On our first day in camp, we settled into the lean-to, a three-sided, roofed structure fashioned from weathered wood. Previous campers had left behind a roll of Charmin and an ancient plastic jar of Nescafe nuggets. We took a short hike out to Eben’s Head, a hunk of rock that butts into the bay. The hike looped us around a cove filled with emerald waters, past bone-white snags, and through woods the kids described as a Moonacre woods. If you’ve seen this princess movie, you’ll know that means the forest was cool and dark, the trail lined with boulders and rolling carpets of moss, and that evil may have lurked in the shadows. In the grasses, we found the froth of froghoppers, which looks like wads of foamy spit clinging to the blades.
When we emerged from the woods, we came upon a beach covered in smooth black and gray stones. The kids perched on a rock at the edge of the water and howled in delight as the surf crashed up in their faces. It was better than the water park. We listened to the song of the rocks as they tumbled in the retreating waves. Jeff had brought along our Trek-Light hammock and strung it between two dead trees. As he swung in the breeze and the kids explored, I decided to finish the loop, swinging by camp for hiking boots left behind (Aidan had set out in his flip flops). I did most of the route at a jog, which is a great way to get the ya-yas out when hiking with kids. Lap them.
We continued the hike together, picking our way along the rocky shoreline. On the next beach, Aidan discovered a lobster claw bleached alabaster in the sun and salt air. Some seven inches long, it must have belonged to one gigundus crustacean. Aidan sketched the claw in his nature journal and brought it back to the lean-to to leave alongside the Charmin and Nescafe for future campers to enjoy.
The next morning, I took stock of our pantry, unloaded in a metal lock box affixed to the back of the lean-to. (It keeps the squirrels out.) It occurred to me then that we may have miscalculated.
“Um, Jeff… I don’t think we have enough food,” I said.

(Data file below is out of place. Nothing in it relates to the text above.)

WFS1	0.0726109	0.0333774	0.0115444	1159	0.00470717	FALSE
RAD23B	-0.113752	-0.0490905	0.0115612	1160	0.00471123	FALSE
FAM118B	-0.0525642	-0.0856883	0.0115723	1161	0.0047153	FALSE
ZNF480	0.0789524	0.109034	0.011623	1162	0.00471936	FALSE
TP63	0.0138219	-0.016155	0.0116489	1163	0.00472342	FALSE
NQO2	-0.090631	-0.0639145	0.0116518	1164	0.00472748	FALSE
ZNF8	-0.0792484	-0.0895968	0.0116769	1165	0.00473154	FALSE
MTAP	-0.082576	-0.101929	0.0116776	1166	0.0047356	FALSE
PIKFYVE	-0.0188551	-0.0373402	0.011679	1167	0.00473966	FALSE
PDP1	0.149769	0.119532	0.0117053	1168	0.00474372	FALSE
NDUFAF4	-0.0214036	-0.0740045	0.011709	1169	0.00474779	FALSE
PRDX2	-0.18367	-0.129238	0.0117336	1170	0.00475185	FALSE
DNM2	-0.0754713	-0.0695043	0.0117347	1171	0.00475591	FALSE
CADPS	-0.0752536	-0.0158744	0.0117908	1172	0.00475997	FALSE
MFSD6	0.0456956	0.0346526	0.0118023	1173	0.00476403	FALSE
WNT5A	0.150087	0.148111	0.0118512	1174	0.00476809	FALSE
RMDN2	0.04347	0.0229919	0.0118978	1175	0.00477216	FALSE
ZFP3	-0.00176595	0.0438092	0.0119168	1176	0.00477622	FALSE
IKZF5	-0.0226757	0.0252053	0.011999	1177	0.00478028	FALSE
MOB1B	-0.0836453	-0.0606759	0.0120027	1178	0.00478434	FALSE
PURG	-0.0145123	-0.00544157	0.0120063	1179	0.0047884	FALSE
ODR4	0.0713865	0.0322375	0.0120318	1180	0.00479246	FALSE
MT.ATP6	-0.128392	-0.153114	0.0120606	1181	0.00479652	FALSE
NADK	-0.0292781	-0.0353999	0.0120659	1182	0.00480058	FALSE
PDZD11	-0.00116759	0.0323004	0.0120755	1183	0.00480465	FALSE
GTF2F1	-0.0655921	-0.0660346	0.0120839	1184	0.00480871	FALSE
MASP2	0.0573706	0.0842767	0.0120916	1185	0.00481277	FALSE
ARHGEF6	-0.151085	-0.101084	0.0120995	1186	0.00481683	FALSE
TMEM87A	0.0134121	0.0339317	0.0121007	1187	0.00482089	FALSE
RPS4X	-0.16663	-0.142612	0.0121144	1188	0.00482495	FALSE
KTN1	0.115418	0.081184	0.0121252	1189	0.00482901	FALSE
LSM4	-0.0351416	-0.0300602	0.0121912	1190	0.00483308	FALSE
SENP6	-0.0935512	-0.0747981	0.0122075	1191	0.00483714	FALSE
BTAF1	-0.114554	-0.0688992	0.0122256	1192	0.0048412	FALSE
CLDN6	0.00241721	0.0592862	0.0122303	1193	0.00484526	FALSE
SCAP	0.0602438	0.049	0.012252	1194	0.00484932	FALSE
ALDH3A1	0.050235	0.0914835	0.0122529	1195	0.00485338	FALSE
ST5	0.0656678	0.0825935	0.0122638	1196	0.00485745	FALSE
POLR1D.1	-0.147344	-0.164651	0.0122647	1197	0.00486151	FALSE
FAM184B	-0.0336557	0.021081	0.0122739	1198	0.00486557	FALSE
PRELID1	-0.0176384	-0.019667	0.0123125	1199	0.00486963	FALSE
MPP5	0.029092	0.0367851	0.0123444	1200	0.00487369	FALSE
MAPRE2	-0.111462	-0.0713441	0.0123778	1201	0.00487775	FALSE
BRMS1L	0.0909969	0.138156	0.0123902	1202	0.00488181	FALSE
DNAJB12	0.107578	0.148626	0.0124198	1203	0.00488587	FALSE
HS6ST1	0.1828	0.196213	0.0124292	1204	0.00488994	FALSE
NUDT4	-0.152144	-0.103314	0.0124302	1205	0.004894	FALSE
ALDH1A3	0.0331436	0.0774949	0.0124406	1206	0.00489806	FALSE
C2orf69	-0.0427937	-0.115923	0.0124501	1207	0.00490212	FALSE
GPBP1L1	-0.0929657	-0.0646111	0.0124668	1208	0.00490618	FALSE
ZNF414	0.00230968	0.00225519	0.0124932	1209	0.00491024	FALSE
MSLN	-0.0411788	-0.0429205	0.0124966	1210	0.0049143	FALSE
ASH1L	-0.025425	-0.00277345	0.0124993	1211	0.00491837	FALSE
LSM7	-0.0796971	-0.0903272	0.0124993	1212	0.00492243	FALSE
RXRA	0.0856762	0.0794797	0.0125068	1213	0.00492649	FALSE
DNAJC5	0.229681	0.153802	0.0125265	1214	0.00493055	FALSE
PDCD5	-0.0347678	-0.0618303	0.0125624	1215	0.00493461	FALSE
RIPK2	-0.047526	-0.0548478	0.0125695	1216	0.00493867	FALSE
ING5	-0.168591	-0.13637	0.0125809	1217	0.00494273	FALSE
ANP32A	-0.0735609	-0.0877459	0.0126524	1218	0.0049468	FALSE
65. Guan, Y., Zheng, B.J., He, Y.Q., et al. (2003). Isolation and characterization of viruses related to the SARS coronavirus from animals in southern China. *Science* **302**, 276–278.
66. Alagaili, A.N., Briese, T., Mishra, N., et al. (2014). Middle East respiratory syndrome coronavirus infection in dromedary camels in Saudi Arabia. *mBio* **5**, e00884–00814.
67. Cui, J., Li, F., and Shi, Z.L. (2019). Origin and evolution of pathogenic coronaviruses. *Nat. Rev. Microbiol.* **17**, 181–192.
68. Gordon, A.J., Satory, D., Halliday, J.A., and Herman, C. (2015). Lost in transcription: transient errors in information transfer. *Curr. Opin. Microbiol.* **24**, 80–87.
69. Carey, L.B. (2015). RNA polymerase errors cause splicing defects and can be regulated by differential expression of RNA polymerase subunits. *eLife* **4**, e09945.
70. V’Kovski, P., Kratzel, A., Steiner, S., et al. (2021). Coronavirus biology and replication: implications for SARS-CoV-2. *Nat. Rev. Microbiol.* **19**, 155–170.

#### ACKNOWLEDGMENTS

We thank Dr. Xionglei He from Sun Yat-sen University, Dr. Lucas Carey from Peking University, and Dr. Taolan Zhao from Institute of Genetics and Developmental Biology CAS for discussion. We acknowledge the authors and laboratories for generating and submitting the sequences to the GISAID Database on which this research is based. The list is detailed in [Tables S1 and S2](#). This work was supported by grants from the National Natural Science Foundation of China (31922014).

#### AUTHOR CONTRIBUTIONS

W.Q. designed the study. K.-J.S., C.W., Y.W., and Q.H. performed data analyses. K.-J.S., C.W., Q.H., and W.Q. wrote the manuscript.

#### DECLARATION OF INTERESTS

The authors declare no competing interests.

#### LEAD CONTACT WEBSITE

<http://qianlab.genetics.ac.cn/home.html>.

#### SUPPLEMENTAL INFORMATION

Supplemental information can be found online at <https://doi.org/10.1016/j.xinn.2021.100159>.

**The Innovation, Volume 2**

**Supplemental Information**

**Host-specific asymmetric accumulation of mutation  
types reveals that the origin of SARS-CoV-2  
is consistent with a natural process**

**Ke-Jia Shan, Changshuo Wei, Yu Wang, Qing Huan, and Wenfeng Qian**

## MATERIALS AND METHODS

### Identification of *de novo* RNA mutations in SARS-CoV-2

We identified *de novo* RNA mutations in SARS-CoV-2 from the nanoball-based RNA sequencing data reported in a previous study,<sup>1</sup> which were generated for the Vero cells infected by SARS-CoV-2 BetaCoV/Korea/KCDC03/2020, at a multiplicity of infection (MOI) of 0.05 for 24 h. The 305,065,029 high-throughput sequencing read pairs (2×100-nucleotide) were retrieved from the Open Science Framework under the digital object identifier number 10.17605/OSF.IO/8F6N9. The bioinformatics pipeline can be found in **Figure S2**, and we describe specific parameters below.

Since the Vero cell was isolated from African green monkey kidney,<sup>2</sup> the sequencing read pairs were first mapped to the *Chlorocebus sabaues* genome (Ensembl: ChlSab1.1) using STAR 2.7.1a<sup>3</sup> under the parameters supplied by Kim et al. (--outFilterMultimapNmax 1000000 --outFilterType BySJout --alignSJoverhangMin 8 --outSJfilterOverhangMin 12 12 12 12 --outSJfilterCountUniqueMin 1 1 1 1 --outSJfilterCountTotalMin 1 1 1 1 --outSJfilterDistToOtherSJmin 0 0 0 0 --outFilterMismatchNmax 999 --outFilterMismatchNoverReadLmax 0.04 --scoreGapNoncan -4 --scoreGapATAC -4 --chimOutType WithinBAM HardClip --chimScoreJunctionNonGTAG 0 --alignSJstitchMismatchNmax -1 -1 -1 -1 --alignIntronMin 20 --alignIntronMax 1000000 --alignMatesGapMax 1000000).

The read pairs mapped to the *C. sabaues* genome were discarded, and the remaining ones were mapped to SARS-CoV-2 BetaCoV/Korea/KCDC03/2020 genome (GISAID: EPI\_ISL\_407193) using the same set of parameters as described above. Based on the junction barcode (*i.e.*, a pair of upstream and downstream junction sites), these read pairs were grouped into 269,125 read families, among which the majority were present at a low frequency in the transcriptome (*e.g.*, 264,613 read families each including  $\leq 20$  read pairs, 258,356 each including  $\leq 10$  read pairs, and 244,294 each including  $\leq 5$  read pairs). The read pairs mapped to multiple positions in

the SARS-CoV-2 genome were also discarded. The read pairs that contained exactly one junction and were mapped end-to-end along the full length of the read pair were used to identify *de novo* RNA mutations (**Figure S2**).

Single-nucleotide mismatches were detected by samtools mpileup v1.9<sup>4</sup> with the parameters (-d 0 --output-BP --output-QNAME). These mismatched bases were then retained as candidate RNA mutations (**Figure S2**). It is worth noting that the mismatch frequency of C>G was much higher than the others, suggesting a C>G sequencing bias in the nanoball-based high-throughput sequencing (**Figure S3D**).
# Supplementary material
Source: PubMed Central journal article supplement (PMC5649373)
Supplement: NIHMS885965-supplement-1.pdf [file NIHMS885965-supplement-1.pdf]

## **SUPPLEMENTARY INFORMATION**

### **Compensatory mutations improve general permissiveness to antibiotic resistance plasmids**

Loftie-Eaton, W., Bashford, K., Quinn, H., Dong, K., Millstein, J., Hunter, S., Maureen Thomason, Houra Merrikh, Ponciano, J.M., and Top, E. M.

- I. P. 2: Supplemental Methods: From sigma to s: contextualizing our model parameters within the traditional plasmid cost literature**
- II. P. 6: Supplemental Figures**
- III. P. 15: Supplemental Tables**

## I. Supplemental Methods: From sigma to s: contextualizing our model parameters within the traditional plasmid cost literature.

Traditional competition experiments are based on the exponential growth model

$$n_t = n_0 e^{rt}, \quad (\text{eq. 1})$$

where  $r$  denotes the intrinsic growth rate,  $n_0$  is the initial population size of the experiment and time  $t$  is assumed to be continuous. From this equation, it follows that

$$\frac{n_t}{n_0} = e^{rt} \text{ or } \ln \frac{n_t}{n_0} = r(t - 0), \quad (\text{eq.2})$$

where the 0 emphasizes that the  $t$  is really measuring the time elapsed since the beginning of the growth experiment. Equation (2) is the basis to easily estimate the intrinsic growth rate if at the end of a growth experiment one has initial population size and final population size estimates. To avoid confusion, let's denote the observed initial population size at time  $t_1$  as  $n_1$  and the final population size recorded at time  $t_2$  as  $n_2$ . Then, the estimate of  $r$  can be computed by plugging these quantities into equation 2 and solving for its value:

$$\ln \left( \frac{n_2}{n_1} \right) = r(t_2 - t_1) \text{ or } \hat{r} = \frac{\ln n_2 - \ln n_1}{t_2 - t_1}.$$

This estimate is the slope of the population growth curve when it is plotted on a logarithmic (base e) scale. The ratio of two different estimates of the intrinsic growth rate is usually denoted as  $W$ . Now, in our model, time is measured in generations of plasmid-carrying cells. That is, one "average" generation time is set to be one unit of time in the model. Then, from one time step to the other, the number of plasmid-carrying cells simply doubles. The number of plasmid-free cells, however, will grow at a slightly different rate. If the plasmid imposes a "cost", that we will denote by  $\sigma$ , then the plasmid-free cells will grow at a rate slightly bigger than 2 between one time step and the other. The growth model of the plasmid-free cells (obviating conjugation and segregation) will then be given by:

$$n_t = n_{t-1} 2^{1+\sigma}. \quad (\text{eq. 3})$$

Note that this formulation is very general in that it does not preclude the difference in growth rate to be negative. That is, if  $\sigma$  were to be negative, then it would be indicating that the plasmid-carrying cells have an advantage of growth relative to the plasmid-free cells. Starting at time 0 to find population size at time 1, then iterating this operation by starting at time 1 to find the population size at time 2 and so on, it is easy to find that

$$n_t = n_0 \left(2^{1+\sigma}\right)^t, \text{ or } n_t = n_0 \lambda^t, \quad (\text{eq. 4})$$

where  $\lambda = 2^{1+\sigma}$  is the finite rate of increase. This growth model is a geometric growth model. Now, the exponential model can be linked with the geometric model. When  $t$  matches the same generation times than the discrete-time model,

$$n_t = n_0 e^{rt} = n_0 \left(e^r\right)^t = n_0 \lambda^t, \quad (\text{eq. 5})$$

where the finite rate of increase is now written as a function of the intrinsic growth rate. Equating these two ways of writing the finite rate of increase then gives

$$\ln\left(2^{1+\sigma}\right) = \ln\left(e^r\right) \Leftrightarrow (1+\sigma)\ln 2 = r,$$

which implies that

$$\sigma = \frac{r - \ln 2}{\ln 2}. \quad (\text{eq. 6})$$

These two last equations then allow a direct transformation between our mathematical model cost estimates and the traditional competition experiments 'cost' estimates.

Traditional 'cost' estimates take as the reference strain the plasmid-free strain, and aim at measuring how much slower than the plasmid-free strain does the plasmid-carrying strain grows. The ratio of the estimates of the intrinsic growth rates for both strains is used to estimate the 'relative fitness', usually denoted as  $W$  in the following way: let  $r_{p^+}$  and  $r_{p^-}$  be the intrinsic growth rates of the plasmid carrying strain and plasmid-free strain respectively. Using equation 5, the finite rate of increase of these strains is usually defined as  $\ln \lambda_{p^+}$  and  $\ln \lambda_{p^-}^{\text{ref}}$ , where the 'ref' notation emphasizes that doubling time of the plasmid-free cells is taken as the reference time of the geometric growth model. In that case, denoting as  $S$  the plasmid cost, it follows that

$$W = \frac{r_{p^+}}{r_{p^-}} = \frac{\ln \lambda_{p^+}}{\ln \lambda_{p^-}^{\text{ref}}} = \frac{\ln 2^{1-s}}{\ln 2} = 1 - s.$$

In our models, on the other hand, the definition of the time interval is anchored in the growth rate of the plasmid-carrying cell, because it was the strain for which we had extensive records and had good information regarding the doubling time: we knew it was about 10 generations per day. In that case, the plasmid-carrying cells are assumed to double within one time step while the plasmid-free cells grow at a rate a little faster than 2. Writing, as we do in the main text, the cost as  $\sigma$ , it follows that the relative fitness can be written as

“Huh? Really? You’re kidding. Didn’t you write a book about this?” he asked, in perhaps not the kindest tone.
My first survivalist move was to dig yesterday’s sandwich bread (very nice ciabatta rolls, by the way) from our garbage bag. Jeff fried it up in the pan over our backpacking stove with a little olive oil. It was most delicious. The kids were concerned.
“What do you mean, it’s Dumpster Toast???” they cried.
Fueled on said toast, we headed off for a full-day hike. We made a decision to take a trail designated “difficult.” It was 1.2 miles up and over Duck Harbor Mountain to the eastern side of the island. Our theory was that the kids would be engaged by the climbing of rocks and the vistas we’d see.
Indeed, the kids loved following the blue trail blazes and cairns (Anya called them “caribiners”) and scrambling up the rocks. We stopped on top, had our lunch of summer sausage, cheese, apples, and simulated peanut butter product (Quinn has allergies) mixed with jelly on rolled tortillas. The kids took time to make rubbings of the US Coast Guard Survey markers in their nature journals. We made our way down the serpentine trail covered in gnarled roots through thin cracks in giant rocks to Squeaker Cove, where the kids changed into swim suits and braved the frigid Atlantic water. On the beach we found giant black feathers (a loon, maybe), the drying skin of a seal, a collection of bones picked clean, and a small skull.
We hiked the two miles on a dirt road back to the lean-to, where we made pad thai spruced up with shredded and fried carrots. Both Jeff and I had started to back off on our portion sizes to make sure the kids had enough. As soon as one child said he was full, we both reached for the bowl. I told Jeff we were on the Isle au Haut fat farm, a radical survivalist approach to weight loss.